Review by Willard Manus
Alice! Alice! We never seem to tire or get enough of Alice, our muse,
our little girl in distress, our nineteenth century doppelganger. The
trappings and images of Wonderland continue to fascinate us--the portmanteau
language, the characters who act as if they're figments of the universal
dream world--and never seem to fade despite darker, often sinister, possibilities.
We loved the book as children and many of us carry that love into an adulthood
that seems increasingly Wonderland-like in terms of surreality and absurdity.
Yet nothing is sacred in the literary world, not even Alice of the Wonderland
frock, and the writers in this anthology blend fiction with fact and speculation
so that the fictional Alice and the other Alice, the real Alice, perform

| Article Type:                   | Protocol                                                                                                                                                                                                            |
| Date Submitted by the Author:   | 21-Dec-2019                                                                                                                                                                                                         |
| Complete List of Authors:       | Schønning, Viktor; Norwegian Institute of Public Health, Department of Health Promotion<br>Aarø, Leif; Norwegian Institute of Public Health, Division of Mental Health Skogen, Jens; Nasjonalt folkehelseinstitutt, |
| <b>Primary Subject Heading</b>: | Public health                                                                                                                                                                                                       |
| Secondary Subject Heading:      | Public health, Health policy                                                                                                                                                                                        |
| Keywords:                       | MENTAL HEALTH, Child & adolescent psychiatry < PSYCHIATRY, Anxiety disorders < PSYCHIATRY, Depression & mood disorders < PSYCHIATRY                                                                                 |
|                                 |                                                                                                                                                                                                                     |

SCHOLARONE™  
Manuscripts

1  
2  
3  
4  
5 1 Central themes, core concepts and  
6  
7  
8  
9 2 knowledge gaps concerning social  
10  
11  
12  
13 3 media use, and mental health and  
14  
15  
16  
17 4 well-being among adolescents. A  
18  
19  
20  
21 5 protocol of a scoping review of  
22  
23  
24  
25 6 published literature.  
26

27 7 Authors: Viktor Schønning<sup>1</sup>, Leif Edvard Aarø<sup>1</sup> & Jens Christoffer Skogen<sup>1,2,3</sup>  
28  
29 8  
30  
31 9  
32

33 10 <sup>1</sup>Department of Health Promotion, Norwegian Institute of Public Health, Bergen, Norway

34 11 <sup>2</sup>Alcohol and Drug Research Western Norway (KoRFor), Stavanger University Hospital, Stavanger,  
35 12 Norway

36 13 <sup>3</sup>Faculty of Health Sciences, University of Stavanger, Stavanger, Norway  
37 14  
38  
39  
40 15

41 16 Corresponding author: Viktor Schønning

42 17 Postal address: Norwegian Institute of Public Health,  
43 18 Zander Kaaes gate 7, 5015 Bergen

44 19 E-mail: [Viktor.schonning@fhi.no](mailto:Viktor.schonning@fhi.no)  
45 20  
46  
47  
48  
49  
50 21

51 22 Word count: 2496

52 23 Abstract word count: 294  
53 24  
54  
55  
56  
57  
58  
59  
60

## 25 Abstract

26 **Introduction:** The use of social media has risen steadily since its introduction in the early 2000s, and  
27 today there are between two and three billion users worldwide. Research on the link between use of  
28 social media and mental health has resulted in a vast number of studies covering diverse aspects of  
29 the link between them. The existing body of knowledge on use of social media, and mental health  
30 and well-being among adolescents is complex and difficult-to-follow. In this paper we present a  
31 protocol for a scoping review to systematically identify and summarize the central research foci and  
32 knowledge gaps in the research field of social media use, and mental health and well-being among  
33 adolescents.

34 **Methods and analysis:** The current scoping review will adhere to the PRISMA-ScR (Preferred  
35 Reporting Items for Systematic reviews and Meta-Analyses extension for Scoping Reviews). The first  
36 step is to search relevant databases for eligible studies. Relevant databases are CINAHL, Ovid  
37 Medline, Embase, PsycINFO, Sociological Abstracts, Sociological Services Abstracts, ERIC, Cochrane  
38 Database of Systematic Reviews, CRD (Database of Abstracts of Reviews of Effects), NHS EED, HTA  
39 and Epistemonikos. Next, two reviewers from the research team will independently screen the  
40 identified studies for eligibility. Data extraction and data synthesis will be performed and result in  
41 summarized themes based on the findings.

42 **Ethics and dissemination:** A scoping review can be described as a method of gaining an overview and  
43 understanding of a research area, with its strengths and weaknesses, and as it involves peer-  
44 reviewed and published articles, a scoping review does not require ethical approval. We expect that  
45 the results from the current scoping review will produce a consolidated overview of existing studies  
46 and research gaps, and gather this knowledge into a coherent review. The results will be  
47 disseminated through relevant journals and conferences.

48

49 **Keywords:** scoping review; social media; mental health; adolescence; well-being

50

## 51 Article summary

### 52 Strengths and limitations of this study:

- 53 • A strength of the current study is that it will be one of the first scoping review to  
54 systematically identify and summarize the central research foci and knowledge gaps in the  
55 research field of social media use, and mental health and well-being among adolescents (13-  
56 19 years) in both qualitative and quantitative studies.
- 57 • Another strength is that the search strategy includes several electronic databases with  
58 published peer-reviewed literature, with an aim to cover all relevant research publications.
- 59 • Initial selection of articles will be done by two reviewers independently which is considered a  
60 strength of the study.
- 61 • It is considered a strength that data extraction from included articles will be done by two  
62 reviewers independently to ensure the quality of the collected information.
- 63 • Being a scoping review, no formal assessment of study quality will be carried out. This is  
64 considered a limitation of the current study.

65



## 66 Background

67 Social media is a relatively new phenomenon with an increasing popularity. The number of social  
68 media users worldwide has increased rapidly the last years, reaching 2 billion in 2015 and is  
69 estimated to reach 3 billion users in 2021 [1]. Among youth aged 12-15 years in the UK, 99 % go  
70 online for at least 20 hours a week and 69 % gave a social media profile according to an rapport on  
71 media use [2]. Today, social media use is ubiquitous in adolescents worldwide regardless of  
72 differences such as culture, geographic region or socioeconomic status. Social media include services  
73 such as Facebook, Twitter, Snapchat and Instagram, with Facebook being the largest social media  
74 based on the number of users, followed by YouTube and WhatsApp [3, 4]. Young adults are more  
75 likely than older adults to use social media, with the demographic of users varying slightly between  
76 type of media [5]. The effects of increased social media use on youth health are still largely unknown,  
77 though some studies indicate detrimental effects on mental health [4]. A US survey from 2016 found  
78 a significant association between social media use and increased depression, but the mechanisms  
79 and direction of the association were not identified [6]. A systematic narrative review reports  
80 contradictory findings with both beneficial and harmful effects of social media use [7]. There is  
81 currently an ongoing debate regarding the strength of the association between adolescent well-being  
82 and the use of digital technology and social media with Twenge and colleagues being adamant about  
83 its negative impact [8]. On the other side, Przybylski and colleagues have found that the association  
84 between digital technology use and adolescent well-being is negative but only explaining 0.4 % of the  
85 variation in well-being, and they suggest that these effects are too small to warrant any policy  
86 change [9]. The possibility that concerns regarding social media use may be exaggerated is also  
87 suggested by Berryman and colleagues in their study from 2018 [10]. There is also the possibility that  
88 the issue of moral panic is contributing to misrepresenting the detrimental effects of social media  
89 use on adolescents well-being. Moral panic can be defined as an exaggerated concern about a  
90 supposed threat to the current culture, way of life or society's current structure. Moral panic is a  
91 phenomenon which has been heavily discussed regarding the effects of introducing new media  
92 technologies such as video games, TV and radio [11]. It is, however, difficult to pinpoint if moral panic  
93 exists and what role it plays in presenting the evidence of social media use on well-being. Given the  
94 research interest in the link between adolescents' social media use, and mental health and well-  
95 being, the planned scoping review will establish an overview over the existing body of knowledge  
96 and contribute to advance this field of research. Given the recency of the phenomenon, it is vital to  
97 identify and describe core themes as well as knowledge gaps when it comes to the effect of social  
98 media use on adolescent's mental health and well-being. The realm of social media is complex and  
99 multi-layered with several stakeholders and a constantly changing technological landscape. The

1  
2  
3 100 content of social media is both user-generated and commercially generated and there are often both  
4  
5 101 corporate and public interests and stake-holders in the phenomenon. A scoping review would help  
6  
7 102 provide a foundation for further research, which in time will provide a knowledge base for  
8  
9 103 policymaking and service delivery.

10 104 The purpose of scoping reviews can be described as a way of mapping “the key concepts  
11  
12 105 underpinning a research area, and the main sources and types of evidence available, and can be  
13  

a shadowy arabesque worthy of the puzzles, games, and amusements of Wonderland's
"Victoria Popkin integrates the actual novel into a brutal story about child abuse and escapism, Katie Roiphe looks at that abuse from Mrs. Liddell's point of view, and Beth Bachmann has Dodgson contemplate his actions in light of today's child pornography rulings."
ALICE REDUX is every bit as provocative and imaginative as Peabody claims it us, a trip down the Looking Glass that's almost as captivating and rewarding as the one in Alice in Wonderland.